Thanks for taking the time to give me your thoughts . I had thought there may be twins however have been unable to find any evidence to confirm one way or the other. Following your comment I have checked all the entries for Charles Street in the 1841 Census to see if there were 2 Robert & Ann Bishops in the same street. Again I couldn't find any evidence to support this possibility.

    The birth certificate is a PDF from the GRO so looks like it may be a transcription error. The birth was registered by the father Robert Bishop.

    There are 2 other baptism for Robert Bishop Bap. 05/06/1842 and William Bishop Bap. 12 /12 1843 with Robert & Ann as the parents and Robert's occupation as Victualler. William's baptism was a day after his birth so I suspect he may not have lived long after his birth. Neither of the boys are with the parents in the 1851 Census.

    I was also aware of the baptisms of James 1828 and Ann 1834. So like you I feel I'm on the right track for this family.

    The fact that Mary Bishop gave her place of birth as Minories, London (1871 census), St. Georges (1881 Census) and Aldgate (1911 Census) also make me pretty sure that I have the right Mary Bishop's birth and baptism even though there is the discrepancy with the first name given in the GRO cert. and the baptism record.
  8. peter

    peter Administrator Staff Member

    I did wonder whether the vicar objected to Jane because it wasn't a traditional saint's name (the only St Jane I could find was beatified after the Church of England was founded). But a more likely answer is that she was named Mary to please one of the godparents.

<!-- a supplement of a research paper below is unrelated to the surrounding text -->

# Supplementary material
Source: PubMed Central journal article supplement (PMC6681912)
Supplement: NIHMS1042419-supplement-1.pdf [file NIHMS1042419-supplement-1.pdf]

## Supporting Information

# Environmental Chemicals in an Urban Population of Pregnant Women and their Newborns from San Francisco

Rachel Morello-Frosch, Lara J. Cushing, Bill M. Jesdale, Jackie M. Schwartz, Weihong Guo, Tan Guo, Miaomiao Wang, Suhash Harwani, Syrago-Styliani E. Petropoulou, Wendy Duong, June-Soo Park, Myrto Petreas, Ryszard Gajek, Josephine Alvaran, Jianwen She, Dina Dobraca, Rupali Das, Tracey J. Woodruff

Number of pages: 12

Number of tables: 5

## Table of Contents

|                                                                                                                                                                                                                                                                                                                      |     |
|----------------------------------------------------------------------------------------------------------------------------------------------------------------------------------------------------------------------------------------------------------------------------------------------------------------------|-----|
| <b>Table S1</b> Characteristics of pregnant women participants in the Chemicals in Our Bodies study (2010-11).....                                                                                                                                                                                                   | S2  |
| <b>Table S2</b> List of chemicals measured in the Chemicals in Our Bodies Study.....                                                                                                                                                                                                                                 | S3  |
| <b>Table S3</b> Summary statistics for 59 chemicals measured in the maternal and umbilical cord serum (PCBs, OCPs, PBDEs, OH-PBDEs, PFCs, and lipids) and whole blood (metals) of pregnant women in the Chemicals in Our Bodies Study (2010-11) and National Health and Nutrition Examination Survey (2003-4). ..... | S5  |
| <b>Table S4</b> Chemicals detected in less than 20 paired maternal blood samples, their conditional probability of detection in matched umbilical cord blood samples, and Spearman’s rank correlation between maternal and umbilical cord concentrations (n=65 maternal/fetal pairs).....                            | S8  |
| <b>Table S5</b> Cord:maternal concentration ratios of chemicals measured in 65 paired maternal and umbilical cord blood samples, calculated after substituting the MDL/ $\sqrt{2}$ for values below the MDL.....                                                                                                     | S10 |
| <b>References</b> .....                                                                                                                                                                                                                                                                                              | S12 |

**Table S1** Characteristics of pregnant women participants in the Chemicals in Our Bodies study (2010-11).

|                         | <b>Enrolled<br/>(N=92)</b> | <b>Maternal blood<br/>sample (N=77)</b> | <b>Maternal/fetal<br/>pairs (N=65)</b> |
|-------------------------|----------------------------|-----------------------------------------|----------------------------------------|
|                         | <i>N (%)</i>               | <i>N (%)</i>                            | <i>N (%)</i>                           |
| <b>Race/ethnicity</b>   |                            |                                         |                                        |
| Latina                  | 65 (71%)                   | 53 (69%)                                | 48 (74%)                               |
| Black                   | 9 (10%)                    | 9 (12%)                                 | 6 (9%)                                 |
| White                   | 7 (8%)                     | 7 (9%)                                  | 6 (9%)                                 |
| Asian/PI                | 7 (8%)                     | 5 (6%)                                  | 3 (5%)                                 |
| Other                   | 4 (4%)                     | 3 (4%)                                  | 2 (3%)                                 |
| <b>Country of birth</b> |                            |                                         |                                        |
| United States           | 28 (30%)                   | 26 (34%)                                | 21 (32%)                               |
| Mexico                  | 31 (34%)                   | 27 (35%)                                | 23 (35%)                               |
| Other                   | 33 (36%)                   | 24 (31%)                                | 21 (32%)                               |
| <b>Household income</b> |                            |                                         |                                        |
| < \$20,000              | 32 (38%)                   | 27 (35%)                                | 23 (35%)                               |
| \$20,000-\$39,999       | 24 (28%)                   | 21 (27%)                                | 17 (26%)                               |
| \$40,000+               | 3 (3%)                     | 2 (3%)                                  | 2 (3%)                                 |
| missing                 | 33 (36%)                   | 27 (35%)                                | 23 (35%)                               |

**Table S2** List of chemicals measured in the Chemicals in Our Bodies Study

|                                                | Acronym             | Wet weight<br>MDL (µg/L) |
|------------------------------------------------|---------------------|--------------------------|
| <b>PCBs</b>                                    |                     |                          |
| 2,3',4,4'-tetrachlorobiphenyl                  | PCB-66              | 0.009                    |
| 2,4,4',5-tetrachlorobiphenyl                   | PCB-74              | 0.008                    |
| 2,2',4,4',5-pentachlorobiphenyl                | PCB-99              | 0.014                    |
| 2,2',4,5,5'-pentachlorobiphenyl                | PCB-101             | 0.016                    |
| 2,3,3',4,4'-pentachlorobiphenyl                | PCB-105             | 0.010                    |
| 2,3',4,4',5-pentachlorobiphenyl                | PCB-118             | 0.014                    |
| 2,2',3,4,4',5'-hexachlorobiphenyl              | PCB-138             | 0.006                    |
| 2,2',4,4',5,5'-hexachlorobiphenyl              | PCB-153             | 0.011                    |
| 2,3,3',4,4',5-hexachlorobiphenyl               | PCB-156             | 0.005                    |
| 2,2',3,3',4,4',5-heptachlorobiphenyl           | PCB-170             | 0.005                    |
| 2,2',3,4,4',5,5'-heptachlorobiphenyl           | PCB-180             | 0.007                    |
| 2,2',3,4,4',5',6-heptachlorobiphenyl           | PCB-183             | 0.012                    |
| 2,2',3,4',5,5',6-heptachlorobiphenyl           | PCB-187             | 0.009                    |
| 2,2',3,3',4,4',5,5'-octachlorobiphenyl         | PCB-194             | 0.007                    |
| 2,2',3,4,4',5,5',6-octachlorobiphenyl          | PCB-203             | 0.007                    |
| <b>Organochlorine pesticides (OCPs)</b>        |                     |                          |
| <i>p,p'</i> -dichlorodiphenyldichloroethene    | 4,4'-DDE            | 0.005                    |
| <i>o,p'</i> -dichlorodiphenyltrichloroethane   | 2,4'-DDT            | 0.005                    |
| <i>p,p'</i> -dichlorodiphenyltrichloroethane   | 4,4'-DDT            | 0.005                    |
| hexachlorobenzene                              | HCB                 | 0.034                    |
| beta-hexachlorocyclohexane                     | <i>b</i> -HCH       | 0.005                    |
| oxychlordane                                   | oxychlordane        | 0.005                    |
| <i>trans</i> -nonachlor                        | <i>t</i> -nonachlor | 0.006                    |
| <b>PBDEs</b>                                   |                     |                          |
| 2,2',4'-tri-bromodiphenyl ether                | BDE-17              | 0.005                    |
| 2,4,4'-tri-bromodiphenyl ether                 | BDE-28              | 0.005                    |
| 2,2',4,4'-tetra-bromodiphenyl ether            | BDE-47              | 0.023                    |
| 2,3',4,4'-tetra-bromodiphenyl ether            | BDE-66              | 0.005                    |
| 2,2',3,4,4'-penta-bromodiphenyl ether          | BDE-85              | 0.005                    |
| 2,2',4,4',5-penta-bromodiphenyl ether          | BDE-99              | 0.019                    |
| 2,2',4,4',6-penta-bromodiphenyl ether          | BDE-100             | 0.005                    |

The difference in occupation between clerk and gentleman could have been to avoid paying more for the ceremony (see the paper referenced in my forthcoming article about baptism).
    • Thanks! Thanks! x 1
  9. Bob Spiers

    Bob Spiers LostCousins Superstar

    Yes I agree, especially with the first comment about Vicar's/Priest objecting to baptising babies where at least one of their given names is not that of a Saint (one of the reasons why the Vicar in my story objected to names chosen by family). I also know many RC parents are 'told' by the Priest when consulted about baptism, that at least one (preferably the first) given name of their child must be that of a Saint. But religious denomination aside, most 19th Century and earlier baptisms were for children given at least one saint name and written with it Latin equivalent in the Registers.

    I can also understand godparent pressure influencing parents perhaps to include their name, but I would have thought this would more likely be an additional name rather than a substitution of one chosen by parents.
    • Thanks! Thanks! x 1
  10. jorghes

    jorghes LostCousins Superstar

    In a similar way to your Mary/Jane conundrum, I have a relative who has a similar style of name changes over her official documentation.

    Her birth was registered as "Hannah" in 1894 (I had to get the certificate to confirm). By the 1901 census she was listed as "Rose"; in 1911 she was "Rose Anne"; on her marriage register in 1918 she was "Rosanna". She retained "Rosanna" in the 1939 register and was "Rosanna" on her death registration in 1985. (with an incorrect birth year of 1895).